I'm trying to get down how to prove that something is $O(\cdots)$ or $\Theta(\cdots)$ but no matter what I look at, I don't get the reasoning as to how I can come to an answer.

So here's a couple of examples I've looked at:

  1. Show that for any real constants $a$ and $b$, where $b > 0$, $(n+a)^b = \Theta(n^b)$

  2. Show that $\log_2(n!) = O(n\log _2 (n))$

For 1 I understand that I have to show:

$$c_1 n^b \leq (n+a)^b \leq c_2 n^b$$

Do I just plug in random numbers until something works? That's what all the sites I've looked at seem to be doing, but that doesn't make sense.

For 2 I know that I have to show:

$$0 \leq \log_2(n!) \leq c(n\log_2(n))$$

Again, where do I even start? I can't wrap my head around any of this. :( Thanks for your help and patience.

  • $\begingroup$ HINT: If I recall correctly, for two functions $f,g$, $g$ being $O(f)$ means that $g$ asymptotically behaves like $f$. This means that for your first example, you are not showing that $$ c_1n^b \le (n+a)^b \le c_2n^b $$ for some constants $c_1,c_2$, but that for some number $N$, the previous bounds hold true when $n \ge N$. This should help you significantly. $\endgroup$
    – skrub
    Sep 15, 2014 at 23:24

2 Answers 2


Intuitively, the first is saying that as $n$ gets large, you don't care about adding or subtracting a constant to the base in $n^b$.

You don't plug in something random, you have to think about what you can prove. For the first, if you knew that $a$ is positive, you could use $c_1=1$ and argue that as $n \lt n+a, 1\cdot n^b \lt (n+a)^b$ This fails if $a \lt 0$, but decreasing $c_1$ a bit will make it OK with a bit more work. Remember that we are talking about asymptotic behavior when $n$ is large, so it doesn't have to be true for all $n$, just for $n$ large enough. So if we take $c_1=0.9^b$ and $a \ge 0$ we can say $0.9^bn^b \lt (n+a)^b$ If $a \lt 0,$ we require that $n \gt -10a$. Then $0.9^bn^b =(0.9n)^b \lt (n+a)^b$ and we have that side. For the left side, the challenging point is when $a \gt 0$. We take $c_2=2^b$ (anything greater than $1$ will work, with a change to the minimum $n$) and require that $n \gt a$ Then $(n+a)^b \lt (2n)^b = 2^nb^n$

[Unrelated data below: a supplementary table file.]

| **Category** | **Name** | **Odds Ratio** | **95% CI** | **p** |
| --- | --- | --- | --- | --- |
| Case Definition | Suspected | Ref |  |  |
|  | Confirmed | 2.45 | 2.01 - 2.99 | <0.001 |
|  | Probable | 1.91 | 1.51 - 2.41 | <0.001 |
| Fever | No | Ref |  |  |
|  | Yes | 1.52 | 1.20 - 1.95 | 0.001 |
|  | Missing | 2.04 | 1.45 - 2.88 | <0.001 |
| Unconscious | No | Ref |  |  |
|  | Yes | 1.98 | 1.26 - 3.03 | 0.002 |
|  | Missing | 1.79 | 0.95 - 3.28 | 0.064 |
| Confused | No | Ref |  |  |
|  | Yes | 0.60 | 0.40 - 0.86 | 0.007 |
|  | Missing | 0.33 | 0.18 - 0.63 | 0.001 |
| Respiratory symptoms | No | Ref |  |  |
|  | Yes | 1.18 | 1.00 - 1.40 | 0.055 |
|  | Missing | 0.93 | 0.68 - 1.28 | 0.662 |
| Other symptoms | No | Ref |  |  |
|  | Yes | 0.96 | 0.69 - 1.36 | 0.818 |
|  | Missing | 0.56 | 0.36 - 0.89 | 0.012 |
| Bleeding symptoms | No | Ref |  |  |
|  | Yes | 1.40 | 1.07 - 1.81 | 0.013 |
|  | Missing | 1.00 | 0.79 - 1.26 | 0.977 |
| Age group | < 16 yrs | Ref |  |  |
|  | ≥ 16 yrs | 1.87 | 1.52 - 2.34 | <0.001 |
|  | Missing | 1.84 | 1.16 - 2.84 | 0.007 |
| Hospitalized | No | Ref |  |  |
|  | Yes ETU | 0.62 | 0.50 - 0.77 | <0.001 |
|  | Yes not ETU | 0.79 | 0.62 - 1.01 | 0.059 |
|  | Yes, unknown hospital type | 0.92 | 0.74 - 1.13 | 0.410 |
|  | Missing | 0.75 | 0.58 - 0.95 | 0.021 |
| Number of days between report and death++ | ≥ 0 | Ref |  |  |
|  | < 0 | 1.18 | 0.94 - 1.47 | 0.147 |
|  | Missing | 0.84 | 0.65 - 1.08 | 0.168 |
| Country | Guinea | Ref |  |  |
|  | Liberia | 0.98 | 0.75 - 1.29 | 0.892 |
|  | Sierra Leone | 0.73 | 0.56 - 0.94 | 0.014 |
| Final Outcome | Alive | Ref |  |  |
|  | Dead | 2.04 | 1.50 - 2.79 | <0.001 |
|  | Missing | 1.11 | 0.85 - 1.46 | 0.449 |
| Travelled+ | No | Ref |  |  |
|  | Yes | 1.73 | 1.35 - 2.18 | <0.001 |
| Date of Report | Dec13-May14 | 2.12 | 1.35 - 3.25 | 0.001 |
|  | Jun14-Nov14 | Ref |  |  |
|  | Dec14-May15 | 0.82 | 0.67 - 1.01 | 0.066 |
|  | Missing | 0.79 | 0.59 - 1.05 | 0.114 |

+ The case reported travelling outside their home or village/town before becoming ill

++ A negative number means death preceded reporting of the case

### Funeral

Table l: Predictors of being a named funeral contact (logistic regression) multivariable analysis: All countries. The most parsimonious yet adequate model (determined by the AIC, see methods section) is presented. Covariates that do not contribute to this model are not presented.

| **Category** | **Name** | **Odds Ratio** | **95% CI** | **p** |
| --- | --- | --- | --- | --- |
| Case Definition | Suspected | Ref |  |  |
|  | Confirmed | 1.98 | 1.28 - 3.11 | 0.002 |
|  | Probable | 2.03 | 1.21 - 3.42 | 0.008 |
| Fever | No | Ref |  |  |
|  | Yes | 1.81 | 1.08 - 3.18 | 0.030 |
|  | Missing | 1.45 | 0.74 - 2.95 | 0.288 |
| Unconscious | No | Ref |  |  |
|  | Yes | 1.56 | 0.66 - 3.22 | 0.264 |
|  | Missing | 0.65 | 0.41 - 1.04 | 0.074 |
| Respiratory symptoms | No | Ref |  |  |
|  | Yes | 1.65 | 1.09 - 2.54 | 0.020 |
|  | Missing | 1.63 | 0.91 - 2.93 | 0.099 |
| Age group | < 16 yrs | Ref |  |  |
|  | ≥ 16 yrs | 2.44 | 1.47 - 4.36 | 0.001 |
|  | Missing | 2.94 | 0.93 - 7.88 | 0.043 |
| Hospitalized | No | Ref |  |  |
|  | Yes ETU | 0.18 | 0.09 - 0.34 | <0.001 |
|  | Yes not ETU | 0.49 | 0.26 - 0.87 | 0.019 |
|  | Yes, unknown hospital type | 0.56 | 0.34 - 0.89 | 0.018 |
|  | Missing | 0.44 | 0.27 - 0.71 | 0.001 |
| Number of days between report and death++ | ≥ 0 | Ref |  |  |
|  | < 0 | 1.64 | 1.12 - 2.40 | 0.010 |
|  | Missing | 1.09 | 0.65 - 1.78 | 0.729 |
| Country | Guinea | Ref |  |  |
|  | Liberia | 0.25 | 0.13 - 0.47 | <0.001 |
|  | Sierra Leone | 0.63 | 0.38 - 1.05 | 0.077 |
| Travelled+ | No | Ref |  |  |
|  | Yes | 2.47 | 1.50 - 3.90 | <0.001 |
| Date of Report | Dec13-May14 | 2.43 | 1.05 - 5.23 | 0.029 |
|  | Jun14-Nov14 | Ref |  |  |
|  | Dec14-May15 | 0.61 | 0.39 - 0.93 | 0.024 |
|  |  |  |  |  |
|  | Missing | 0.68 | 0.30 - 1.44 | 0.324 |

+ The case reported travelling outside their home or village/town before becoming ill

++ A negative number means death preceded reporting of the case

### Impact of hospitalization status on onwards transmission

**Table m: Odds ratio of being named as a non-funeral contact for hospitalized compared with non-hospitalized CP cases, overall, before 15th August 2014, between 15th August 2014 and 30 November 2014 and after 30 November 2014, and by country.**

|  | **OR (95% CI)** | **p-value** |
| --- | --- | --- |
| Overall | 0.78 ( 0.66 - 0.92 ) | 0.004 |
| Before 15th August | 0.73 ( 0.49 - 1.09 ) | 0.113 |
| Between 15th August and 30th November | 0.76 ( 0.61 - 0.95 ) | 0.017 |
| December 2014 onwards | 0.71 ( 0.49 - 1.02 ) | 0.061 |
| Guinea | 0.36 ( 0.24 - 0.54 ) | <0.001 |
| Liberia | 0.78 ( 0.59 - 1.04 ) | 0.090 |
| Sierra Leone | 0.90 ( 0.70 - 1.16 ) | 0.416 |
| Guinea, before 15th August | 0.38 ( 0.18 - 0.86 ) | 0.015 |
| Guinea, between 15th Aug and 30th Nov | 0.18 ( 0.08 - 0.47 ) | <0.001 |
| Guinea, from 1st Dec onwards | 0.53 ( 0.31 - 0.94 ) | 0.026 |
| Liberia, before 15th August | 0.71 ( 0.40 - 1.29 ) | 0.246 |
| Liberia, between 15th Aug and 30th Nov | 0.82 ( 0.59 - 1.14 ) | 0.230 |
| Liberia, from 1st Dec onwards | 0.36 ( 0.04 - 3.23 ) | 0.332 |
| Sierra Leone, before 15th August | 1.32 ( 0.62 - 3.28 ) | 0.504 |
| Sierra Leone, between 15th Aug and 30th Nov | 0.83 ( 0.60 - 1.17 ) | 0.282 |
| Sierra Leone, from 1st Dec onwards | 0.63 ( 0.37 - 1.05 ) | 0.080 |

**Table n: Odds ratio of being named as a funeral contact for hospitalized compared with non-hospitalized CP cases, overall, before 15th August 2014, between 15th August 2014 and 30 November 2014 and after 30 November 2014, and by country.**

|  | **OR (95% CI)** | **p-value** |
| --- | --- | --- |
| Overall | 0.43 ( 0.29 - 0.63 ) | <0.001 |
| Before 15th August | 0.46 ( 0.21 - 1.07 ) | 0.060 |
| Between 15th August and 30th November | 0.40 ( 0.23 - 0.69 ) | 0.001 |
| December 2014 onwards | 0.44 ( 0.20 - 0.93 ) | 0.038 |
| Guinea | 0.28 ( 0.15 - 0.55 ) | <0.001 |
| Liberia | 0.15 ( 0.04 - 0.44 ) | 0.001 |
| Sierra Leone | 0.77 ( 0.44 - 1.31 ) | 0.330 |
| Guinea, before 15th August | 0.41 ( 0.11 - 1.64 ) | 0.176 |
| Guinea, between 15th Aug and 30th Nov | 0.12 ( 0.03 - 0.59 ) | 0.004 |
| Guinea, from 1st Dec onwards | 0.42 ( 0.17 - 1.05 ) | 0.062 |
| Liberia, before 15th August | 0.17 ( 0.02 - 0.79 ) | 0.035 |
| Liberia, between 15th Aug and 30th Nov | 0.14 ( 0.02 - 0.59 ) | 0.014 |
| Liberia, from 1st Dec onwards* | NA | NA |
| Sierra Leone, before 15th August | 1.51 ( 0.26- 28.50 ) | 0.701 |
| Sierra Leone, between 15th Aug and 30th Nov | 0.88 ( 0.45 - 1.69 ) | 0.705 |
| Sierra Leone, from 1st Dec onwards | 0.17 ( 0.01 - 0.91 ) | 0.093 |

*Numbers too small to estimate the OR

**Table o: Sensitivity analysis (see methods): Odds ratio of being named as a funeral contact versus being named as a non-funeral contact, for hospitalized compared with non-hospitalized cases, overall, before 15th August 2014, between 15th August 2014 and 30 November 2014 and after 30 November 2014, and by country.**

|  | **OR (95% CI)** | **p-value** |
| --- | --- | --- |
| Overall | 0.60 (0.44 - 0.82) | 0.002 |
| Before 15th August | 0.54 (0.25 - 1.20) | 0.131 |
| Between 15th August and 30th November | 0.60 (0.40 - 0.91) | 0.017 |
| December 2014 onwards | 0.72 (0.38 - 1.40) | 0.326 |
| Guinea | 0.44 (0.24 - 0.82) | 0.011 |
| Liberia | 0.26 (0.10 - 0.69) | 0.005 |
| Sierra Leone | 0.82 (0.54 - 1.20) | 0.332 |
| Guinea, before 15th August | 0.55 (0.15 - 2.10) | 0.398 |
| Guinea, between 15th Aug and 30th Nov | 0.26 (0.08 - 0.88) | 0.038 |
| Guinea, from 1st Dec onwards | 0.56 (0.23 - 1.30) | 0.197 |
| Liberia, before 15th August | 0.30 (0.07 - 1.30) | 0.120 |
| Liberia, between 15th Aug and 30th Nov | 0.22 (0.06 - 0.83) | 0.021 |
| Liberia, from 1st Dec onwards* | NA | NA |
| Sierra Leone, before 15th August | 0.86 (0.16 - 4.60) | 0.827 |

For the second, the left side is obvious as $n! \ge 1$ To get the right side, you should argue from Stirling's approximation, which looks much like what you have.


It helps to draw a graph: to show that $f$ is $\Theta(g)$, you want to show that

(1) if you multiply $g$ by a large enough number, then its graph will be above the graph of $f$

(2) if you multiple $f$ by a large enough number it's graph will be above the graph of $g$, or equivalently, if you multiply g by a 8small enough* number, it's graph'll be below that of $f$.

Since the "numbers" you have to use depend on the functions $f$ and $g$, graphing is a great place to start. You say "Well, it looks as if twice $f$ is larger than $g$, so I'll pick $c_2 = 2$, or perhaps something larger to make the proof easier." So while one book might prove a theorem using $c_2 = 2,$ another might use $c_2 = 17$. You don't have to find the SMALLEST $c_2$ that works (which is nice, because doing that's a pain!).

What about your first probelm above? Well, that's a tough one, becasue it's realyl a whole class of problems all at once. I suggest you instead prove that $(n+2)^3 $ is $\Theta(n^3)$, and a few other similar things, adn then see whether you can generalize.

For the second, I'd suggest trying to find something simple that's a bit larger than $log(n!)$...something that's easy to simplify. How 'bout $\log(n^n)$? Since $n^n$ is $n$ copeis of $n$ multiplied togheter, adn $n!$ is $n$ numbers that are all no larger than $n$, that might work...

Does that get you anywhere?


Your Answer

By clicking “Post Your Answer”, you agree to our terms of service, privacy policy and cookie policy

Not the answer you're looking for? Browse other questions tagged or ask your own question.